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Opinion

Column: On the spectrum and speaking up

This 1937 photo shows Amelia Earhart before takeoff in Miami for an attempted round-the-world flight
Amelia Earhart, pictured in 1937, was one of the topics of a talk given by Jordan Ortiz at a monthly meeting of the Orange County Autism Support Group’s Spectrum Gaveliers Club.
(Associated Press)

On a recent weekend morning I had the privilege of listening to some impressive speeches.

Entertaining and informative, the speeches were delivered by young men and women in their 20s and early 30s, and they covered a wide range of topics, including a backpacking trip, the disappearance of Amelia Earhart, an unscrupulous band manager, even Pokémon.

The occasion was the monthly meeting of the Orange County Autism Support Group’s Spectrum Gaveliers Club. It’s a mouthful of a name, but its purpose is straightforward.

The Irvine-based club, part of the vast network of speaking groups affiliated with Toastmasters International, provides a supportive environment to help people with autism spectrum disorder develop communication skills and self-confidence.

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The brainchild of retired marketing executive Judi Uttal, whose son is autistic, this club is a genius idea that has helped empower and improve the lives of its members.

“I happened to have started a Toastmasters club at my employment,” Uttal explained. “It occurred to me that it was perfect for these kids.”

So she set about winning the support of OCASG, a nonprofit organization dedicated to individuals with Asperger’s, high-functioning autism and pervasive developmental disorder. It agreed, and the club was formed about eight years ago.

Toastmasters was founded on the idea that everyone could use some help with public speaking. The popular nonprofit’s origins date to 1905, when a young YMCA worker named Ralph Smedley organized a series of speaking clubs, but its official birth date is recorded as 1924, when the first Toastmasters International club began at a newly built YMCA building in Santa Ana.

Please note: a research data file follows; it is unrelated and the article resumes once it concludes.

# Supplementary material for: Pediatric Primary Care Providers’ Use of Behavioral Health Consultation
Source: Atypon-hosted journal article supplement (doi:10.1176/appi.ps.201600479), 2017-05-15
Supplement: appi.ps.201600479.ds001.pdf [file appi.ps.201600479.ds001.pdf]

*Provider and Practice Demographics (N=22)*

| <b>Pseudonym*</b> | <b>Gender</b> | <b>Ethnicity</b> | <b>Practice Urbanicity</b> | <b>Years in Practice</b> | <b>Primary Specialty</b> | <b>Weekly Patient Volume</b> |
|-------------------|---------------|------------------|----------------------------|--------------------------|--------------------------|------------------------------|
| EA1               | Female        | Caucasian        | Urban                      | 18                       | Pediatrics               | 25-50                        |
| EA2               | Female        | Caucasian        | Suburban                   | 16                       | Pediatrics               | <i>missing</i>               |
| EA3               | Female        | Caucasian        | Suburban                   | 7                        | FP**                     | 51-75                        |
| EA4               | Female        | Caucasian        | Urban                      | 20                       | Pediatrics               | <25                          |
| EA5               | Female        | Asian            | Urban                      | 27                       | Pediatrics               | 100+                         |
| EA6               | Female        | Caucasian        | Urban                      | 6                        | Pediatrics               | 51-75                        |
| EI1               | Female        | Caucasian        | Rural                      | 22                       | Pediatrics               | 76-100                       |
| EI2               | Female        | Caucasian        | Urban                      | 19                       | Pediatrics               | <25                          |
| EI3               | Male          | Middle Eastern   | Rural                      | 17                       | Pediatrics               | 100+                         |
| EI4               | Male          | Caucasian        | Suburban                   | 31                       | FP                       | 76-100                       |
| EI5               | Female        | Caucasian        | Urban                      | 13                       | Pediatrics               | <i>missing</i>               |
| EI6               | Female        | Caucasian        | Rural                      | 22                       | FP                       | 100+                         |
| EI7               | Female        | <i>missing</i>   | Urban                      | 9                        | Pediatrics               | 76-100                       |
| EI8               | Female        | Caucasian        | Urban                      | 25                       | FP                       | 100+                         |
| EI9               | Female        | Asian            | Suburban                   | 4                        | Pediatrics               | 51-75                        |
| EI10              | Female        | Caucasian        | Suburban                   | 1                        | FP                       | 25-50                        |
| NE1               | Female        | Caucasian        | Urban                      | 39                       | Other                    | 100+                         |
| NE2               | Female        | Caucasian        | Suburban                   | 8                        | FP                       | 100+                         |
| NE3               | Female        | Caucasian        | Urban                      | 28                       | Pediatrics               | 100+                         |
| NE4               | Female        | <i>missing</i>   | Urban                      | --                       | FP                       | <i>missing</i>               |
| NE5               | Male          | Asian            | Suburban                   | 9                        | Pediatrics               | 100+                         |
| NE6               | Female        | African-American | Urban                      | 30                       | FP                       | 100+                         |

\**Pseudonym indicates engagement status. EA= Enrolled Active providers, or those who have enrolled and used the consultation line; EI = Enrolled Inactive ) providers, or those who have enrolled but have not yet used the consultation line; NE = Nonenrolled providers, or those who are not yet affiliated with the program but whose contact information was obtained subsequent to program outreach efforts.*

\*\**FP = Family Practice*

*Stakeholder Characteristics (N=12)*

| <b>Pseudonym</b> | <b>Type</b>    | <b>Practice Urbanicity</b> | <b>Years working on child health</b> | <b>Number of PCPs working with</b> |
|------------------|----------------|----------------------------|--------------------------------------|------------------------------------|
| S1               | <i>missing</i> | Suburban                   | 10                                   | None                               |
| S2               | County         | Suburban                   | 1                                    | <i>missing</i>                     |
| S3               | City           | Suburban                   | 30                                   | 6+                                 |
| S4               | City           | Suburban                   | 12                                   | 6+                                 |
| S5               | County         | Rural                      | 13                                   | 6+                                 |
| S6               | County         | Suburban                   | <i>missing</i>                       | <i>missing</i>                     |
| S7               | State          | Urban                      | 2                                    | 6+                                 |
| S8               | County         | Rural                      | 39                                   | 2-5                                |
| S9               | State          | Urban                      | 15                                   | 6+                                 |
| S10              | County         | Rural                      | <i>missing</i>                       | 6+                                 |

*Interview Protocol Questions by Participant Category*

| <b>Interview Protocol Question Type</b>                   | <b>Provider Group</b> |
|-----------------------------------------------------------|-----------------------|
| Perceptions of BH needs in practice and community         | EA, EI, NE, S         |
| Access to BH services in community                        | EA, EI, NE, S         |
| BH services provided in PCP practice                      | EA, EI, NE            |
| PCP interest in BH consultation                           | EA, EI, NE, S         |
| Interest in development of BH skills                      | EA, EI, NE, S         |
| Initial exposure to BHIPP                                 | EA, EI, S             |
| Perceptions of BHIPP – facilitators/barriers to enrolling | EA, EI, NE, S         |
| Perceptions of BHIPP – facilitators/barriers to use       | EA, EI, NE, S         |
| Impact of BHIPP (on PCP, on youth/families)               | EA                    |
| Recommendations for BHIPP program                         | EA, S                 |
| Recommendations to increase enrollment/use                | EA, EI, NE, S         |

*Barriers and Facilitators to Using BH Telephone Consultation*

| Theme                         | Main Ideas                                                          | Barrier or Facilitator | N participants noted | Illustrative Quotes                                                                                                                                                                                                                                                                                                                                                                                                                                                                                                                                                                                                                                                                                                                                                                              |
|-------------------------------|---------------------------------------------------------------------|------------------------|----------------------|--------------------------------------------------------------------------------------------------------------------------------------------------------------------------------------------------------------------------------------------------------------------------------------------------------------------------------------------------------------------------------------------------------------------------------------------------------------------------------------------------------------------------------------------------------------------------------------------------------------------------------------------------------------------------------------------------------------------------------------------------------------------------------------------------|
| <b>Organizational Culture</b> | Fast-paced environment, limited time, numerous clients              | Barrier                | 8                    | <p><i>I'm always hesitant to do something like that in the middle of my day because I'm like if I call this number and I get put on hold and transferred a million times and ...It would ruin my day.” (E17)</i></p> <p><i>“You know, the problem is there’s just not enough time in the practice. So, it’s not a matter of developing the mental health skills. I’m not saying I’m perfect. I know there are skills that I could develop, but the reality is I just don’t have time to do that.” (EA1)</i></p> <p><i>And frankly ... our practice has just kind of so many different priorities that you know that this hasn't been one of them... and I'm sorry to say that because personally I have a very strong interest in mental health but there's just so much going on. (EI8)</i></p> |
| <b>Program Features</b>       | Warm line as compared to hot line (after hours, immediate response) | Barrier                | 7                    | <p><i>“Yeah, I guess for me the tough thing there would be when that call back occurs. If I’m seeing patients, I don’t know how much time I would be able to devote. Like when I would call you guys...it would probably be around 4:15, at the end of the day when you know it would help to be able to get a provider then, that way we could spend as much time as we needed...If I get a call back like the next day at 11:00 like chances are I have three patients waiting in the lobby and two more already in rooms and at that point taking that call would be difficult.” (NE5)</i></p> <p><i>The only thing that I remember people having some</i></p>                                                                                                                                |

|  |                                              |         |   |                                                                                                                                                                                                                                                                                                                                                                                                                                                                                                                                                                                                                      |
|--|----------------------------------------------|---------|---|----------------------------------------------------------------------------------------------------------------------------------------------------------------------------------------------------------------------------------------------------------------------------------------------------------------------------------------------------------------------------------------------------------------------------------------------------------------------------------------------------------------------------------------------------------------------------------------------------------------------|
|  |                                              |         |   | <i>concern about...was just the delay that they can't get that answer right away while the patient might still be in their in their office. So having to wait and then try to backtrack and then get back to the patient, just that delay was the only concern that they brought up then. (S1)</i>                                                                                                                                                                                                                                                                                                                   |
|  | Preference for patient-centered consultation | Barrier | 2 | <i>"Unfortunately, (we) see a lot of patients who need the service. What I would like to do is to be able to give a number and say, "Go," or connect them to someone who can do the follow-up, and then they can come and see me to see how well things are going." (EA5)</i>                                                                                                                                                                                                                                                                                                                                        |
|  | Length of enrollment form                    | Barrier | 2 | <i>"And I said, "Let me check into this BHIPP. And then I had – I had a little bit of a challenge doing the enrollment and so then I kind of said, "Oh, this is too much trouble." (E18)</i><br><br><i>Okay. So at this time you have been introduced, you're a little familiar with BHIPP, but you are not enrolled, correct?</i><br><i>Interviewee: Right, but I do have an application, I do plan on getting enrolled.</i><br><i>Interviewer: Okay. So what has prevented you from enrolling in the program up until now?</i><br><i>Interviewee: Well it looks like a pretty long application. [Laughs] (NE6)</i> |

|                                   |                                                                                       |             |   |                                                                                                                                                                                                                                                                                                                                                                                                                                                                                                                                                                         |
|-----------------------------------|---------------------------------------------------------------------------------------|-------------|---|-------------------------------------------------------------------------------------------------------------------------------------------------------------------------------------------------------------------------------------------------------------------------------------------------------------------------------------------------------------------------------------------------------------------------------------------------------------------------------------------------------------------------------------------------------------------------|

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The concept caught on; today the organization has more than 358,000 members in more than 16,800 clubs in 143 countries. For decades this network was run from its worldwide headquarters in Santa Ana, not far from the YMCA where Smedley started it all, until its relocation to Colorado last year.

The OCASG Spectrum Gaveliers Club is categorized as a “gavel club,” a designation reserved for Toastmasters groups that don’t fit the official criteria but are nonetheless allowed to participate in the organization.

Initially intended to bring the Toastmasters experience to youth groups, gavel clubs can now be found at universities and in prisons. Some are affiliated with the Special Olympics and others have been formed for individuals with Down syndrome and hearing impairments.

“One of the principles of Toastmasters is to enact change and promote growth for individuals,” said Michael Barr, club and member support lead for Toastmasters International. “It is a self-paced and self-driven learning program.”